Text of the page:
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House flippers cutting corners during renovations can create serious dangers

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Hundreds of homes within the Triangle are bought, refurbished and resold each month. This is a practice called “flipping,” and while it can bring in big bucks, it’s also a potential risk for homebuyers.

The average profit for Raleigh’s overturned home is $61,000, according to the latest data from real estate data firm ATTOM.

But there are growing complaints that flippers are cutting corners and inflating their profits.

When walls and floors are opened up during a major home remodel, inspectors can easily notice if something isn’t following the rules. However, if work is concealed without authorization or inspection, buyers may be forced to deal with potentially deadly hidden hazards.

“We live in an HGTV world where anyone can flip their house. I mean, that’s what they say on TV.

When you see a house transform in 30 minutes, you might think that anyone can flip a house.

“But you can’t believe what you see on TV all the time,” warned Wiesner.

“There are now more complaints about houses being turned over across the state, especially in rural areas of the state,” Wiesner told 5 On Your Side.

The North Carolina Realty Commission set the overall complaint record at 1,683.

“It’s the biggest year ever,” said Janet Torren, general counsel for the North Carolina Real Estate Commission.

Of course, the problem isn’t just with people watching the show and wanting to flip their house.

“I would say that the majority of remodeling complaints today are related to investors buying homes,” said Thoren.

But just because the house is flipped doesn’t mean it’s bad. They play an important role in the housing market.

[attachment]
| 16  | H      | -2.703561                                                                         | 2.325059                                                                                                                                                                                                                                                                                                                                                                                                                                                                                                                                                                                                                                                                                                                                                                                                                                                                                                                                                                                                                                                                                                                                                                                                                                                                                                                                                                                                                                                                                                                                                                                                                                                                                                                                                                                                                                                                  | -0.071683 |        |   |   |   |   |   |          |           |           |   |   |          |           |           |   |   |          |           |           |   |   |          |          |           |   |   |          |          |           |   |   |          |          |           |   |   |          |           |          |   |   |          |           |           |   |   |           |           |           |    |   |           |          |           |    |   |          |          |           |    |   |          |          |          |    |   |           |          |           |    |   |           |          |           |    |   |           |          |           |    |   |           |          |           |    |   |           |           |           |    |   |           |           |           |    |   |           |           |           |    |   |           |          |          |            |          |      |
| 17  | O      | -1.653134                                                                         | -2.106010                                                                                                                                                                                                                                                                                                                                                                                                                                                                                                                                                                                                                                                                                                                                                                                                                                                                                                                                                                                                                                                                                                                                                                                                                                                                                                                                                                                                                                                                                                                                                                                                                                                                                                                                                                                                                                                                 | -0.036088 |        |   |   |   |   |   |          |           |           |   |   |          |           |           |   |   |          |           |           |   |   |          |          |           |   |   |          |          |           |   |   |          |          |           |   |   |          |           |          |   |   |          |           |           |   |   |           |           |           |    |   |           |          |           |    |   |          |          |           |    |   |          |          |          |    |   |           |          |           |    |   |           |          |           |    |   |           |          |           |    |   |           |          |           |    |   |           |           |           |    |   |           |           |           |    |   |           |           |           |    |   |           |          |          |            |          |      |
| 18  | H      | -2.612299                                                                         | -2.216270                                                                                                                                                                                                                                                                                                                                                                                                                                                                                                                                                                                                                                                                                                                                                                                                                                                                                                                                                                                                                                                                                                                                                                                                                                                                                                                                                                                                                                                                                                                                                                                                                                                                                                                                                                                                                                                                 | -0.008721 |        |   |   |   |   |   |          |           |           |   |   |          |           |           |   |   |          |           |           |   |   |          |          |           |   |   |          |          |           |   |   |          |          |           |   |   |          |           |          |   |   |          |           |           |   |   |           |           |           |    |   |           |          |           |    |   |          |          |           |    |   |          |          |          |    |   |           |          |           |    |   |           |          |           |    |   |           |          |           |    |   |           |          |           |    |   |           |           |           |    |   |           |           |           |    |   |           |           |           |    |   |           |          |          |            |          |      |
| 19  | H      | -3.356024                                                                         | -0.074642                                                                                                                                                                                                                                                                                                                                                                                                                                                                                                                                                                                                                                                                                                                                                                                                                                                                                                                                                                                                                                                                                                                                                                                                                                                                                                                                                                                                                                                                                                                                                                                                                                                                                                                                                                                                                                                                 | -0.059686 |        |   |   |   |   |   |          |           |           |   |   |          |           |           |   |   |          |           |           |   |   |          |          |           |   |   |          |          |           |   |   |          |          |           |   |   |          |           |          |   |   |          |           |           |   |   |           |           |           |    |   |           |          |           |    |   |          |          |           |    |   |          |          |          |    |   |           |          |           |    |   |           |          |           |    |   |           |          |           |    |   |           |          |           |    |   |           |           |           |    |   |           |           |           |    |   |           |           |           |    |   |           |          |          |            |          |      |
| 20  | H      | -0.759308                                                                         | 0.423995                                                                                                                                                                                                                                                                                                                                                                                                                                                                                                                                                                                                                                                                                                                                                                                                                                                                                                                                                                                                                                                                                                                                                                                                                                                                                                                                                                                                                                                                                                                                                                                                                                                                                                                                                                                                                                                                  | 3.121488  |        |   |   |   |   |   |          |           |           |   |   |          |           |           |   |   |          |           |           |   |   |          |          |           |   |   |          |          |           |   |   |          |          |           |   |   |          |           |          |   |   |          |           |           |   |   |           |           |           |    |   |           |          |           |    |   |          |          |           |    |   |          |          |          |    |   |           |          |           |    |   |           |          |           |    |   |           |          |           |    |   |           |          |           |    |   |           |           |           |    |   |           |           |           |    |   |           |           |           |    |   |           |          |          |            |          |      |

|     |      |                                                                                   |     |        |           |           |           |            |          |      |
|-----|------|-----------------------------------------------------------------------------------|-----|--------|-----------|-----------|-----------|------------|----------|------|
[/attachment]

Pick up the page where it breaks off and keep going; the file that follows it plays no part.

“Demand can never be a problem, it’s rather supply, so fixing these homes can increase supply,” said Adam Colburn, owner of Oak and Arrow Home Solutions. I’m here.

His company just finished a house flip in Durham and spoke to 5 On Your Side about his process and how his company is trying to do these projects the right way.

Colburn says his company relies heavily on licensed general contractors to scrutinize workers.

“We bring in deals and get our bids on what’s done,” says Colburn. We need to make sure things are done right.”

Colburn says that doing the job right is the ultimate goal rather than making more money.

“We want to offer the highest quality products possible,” Colburn told 5 On Your Side.

Wiesner says there can be real dangers if people don’t follow these procedures.

For example, there is a house currently being renovated that is being investigated by the Licensing Board of General Contractors in North Carolina. A lot of new electrical wiring was done in the house, but none were permitted or inspected.

“Electrical work done without a permit or inspection may not have been done by a certified or licensed electrician and could burn down your home,” says Wiesner. said Mr. And closing those walls makes it harder to spot potential hazards.

“Someone is going to die,” Wiesner warned.

You don’t have to avoid properties just because they’re flipped, but there are steps you can take to make sure you’ve done the right thing.

  • Check with your local inspection and permit office to make sure the permit has not just been taken out, it has been closed. In other words, the inspector approved that work was done on the code.
  • If you have any questions, you can contact the inspector who approved the work.
  • After you make the offer, Thoren says he will never give up testing.

These are things a real estate agent can help you with.

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